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Protein “motors” inside cells act like trucks on tiny cellular highways to deliver life-sustaining cargo. Researchers now know how cells deploy enzymes to place traffic control and “roadway under construction” signs along those highways.
The findings could lead to new therapies for spinal cord and nerve injuries and neurodegenerative diseases.
“To stay alive and function, every cell in our body needs to transport cargoes to the place they’re needed inside the cell, in the right amount, and at the right time,” says Robert O’Hagan, assistant research professor of genetics at Rutgers University-New Brunswick and the Human Genetics Institute of New Jersey. “So there has to be a lot of organization in how transport inside the cell is regulated, and now we know a lot more about how that happens.”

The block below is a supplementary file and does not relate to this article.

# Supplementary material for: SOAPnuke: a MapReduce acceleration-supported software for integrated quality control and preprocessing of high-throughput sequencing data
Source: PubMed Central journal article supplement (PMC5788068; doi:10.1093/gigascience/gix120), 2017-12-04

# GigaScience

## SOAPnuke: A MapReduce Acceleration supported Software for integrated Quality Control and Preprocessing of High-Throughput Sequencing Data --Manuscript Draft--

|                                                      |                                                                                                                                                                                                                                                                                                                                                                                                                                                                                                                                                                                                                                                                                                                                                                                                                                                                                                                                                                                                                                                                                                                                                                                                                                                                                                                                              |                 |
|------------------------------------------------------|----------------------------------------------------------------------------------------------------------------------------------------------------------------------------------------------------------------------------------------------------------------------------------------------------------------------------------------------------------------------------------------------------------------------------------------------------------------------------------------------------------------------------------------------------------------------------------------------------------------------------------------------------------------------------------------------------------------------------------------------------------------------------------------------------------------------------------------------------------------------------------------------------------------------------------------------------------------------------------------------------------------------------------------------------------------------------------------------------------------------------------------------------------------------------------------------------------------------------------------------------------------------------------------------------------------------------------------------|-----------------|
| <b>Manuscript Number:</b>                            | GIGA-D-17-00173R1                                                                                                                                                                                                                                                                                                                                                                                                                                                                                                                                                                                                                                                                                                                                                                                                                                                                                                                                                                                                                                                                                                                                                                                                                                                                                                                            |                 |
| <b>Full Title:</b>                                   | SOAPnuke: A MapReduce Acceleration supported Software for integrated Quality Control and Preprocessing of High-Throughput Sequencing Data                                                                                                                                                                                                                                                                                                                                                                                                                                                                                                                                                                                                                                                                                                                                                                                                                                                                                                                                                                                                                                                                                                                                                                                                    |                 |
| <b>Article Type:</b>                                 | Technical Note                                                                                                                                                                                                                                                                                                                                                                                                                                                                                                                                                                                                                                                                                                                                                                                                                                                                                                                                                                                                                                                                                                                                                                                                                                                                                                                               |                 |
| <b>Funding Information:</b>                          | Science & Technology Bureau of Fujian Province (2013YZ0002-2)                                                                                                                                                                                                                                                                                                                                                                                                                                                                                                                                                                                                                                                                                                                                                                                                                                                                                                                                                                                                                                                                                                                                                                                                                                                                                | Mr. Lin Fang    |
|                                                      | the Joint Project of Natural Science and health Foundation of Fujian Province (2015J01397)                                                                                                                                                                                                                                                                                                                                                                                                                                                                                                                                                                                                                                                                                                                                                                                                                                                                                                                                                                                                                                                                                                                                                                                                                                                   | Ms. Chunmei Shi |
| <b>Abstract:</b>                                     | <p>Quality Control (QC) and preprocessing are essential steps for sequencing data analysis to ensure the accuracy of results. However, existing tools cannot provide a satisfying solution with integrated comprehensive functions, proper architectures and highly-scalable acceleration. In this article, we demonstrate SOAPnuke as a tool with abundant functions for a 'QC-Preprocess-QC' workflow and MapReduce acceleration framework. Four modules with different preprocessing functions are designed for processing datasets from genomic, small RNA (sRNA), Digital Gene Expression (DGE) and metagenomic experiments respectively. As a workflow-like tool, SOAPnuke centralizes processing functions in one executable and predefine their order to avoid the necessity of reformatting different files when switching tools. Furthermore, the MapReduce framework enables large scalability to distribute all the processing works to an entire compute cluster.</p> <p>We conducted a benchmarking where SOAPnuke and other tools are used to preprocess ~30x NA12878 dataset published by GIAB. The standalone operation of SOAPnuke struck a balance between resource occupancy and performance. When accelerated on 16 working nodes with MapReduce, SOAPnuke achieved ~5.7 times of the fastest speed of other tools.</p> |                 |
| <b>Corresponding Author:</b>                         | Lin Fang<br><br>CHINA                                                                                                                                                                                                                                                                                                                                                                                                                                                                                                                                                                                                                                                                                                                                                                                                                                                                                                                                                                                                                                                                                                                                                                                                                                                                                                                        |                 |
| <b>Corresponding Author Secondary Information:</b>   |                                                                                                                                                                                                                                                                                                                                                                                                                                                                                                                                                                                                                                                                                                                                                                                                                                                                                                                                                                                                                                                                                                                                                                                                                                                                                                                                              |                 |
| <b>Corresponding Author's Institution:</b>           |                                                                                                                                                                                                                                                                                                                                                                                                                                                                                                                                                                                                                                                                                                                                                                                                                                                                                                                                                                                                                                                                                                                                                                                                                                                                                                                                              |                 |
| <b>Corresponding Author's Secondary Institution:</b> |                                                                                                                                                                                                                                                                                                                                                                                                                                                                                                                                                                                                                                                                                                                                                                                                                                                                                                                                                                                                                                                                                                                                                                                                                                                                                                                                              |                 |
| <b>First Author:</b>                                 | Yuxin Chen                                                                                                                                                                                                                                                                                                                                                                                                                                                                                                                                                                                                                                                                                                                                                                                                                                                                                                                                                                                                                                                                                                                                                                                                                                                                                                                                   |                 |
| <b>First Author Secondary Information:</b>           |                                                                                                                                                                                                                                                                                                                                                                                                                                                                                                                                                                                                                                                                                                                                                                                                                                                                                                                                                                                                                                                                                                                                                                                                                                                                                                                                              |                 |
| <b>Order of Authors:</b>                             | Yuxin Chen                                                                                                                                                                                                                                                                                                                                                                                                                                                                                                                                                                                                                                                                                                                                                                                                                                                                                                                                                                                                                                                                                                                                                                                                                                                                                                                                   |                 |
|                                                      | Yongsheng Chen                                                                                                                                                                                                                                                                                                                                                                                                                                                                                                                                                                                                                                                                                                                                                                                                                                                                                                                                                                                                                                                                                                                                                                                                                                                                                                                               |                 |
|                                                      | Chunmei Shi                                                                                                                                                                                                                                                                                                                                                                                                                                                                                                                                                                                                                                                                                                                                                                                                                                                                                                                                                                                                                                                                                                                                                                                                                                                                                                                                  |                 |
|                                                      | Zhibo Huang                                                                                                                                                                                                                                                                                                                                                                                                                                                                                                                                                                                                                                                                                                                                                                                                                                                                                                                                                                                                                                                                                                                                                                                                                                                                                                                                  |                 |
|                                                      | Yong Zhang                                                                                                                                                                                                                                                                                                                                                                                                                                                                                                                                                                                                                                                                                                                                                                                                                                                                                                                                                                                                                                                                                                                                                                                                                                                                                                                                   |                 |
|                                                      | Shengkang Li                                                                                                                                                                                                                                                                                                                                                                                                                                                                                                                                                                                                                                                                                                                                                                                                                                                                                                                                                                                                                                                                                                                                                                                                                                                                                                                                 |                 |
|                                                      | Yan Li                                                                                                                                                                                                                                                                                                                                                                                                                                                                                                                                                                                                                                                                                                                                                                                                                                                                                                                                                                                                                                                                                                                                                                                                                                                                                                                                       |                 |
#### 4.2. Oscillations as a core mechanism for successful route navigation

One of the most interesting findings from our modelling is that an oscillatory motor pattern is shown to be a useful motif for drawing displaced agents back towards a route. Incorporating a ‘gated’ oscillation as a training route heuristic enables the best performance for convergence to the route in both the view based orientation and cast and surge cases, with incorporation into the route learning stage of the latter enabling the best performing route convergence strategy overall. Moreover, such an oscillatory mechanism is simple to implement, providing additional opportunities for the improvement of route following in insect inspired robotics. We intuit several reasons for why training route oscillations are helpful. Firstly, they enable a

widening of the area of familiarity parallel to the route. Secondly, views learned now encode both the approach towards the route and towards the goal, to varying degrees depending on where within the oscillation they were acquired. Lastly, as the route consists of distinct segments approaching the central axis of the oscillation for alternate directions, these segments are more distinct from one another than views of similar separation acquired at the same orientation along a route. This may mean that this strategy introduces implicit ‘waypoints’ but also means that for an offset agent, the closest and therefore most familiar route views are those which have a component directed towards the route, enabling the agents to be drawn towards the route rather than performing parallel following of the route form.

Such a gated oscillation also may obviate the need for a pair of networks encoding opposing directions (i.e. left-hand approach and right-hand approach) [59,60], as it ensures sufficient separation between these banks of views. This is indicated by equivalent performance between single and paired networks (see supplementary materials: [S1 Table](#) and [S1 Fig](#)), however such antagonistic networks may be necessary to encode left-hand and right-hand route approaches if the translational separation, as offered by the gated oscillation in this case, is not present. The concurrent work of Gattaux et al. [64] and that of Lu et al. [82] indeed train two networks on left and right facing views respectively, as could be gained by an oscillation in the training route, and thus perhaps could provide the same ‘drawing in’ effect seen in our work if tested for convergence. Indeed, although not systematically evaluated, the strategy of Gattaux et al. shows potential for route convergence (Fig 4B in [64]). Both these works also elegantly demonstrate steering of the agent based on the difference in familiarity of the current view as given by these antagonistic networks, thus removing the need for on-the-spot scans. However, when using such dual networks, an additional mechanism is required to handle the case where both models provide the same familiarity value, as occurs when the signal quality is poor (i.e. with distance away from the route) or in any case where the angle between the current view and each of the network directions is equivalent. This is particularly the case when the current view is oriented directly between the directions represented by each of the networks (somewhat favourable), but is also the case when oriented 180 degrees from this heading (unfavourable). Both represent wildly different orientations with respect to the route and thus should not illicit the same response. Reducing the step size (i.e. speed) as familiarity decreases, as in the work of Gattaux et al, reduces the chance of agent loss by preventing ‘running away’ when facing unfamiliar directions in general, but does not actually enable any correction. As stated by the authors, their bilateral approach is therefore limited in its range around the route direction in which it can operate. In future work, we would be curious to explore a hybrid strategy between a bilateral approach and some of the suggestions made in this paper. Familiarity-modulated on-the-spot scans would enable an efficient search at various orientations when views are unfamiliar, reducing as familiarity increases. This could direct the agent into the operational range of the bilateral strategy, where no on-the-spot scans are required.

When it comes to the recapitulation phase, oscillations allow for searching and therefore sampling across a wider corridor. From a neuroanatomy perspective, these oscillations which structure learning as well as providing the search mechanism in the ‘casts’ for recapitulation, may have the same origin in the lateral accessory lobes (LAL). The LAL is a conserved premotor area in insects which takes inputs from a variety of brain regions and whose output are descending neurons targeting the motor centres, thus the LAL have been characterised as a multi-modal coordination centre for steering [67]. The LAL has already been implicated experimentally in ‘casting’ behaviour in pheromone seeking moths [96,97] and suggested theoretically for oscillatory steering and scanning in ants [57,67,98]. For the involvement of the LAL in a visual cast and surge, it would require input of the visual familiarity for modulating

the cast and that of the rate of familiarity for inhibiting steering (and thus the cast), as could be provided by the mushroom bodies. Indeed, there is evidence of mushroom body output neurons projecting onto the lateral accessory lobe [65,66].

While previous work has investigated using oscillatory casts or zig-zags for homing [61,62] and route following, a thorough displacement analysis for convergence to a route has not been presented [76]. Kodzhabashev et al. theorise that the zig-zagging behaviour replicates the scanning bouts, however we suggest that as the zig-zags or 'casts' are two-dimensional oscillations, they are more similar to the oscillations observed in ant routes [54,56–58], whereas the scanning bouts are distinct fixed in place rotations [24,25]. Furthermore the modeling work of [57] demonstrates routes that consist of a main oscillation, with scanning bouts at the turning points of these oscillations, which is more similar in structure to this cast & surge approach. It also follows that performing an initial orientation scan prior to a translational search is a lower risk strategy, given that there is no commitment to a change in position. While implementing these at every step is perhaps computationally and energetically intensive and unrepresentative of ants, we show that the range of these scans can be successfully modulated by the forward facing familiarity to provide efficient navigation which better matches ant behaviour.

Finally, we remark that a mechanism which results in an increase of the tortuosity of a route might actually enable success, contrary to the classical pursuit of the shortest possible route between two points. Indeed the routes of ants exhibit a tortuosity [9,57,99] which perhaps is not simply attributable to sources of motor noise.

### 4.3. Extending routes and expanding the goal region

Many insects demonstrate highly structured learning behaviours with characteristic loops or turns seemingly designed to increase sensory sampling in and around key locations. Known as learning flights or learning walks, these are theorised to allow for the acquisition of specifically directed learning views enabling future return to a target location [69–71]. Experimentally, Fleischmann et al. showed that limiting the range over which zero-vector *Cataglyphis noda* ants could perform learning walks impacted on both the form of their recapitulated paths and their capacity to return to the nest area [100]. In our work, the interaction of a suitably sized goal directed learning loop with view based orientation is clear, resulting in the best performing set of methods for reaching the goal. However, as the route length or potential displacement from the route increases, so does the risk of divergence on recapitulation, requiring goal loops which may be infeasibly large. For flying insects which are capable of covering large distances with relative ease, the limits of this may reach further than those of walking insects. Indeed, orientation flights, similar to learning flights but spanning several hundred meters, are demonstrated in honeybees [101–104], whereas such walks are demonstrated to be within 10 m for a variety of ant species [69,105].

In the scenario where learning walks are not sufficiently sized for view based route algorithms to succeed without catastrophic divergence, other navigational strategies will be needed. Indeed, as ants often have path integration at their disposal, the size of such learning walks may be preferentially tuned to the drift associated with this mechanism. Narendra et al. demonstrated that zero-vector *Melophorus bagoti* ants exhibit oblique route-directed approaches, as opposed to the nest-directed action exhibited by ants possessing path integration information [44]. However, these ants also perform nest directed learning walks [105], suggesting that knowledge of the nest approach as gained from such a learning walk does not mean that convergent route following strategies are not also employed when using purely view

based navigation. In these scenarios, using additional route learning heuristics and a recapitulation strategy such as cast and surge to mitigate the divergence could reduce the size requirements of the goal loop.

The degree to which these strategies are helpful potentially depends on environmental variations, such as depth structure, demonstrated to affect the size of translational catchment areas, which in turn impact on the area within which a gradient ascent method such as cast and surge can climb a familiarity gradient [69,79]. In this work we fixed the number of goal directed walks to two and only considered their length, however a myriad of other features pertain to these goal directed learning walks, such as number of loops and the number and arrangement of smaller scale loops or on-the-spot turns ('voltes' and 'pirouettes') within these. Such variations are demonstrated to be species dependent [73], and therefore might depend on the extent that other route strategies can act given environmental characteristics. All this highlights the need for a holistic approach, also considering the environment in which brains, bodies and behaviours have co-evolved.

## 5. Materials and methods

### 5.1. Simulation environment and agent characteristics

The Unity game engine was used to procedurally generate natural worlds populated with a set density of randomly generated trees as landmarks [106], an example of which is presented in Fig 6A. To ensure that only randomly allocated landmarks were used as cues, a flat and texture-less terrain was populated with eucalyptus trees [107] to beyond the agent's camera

The highways inside cells are called microtubules. Proteins called kinesins and dyneins act like motors—and are essentially the cargo trucks in cells. The motor proteins drive cargo around microtubule highways.
A central question in cell biology is how intracellular transport and the highway systems are organized. How do the motor proteins know where to go and how fast they need to be?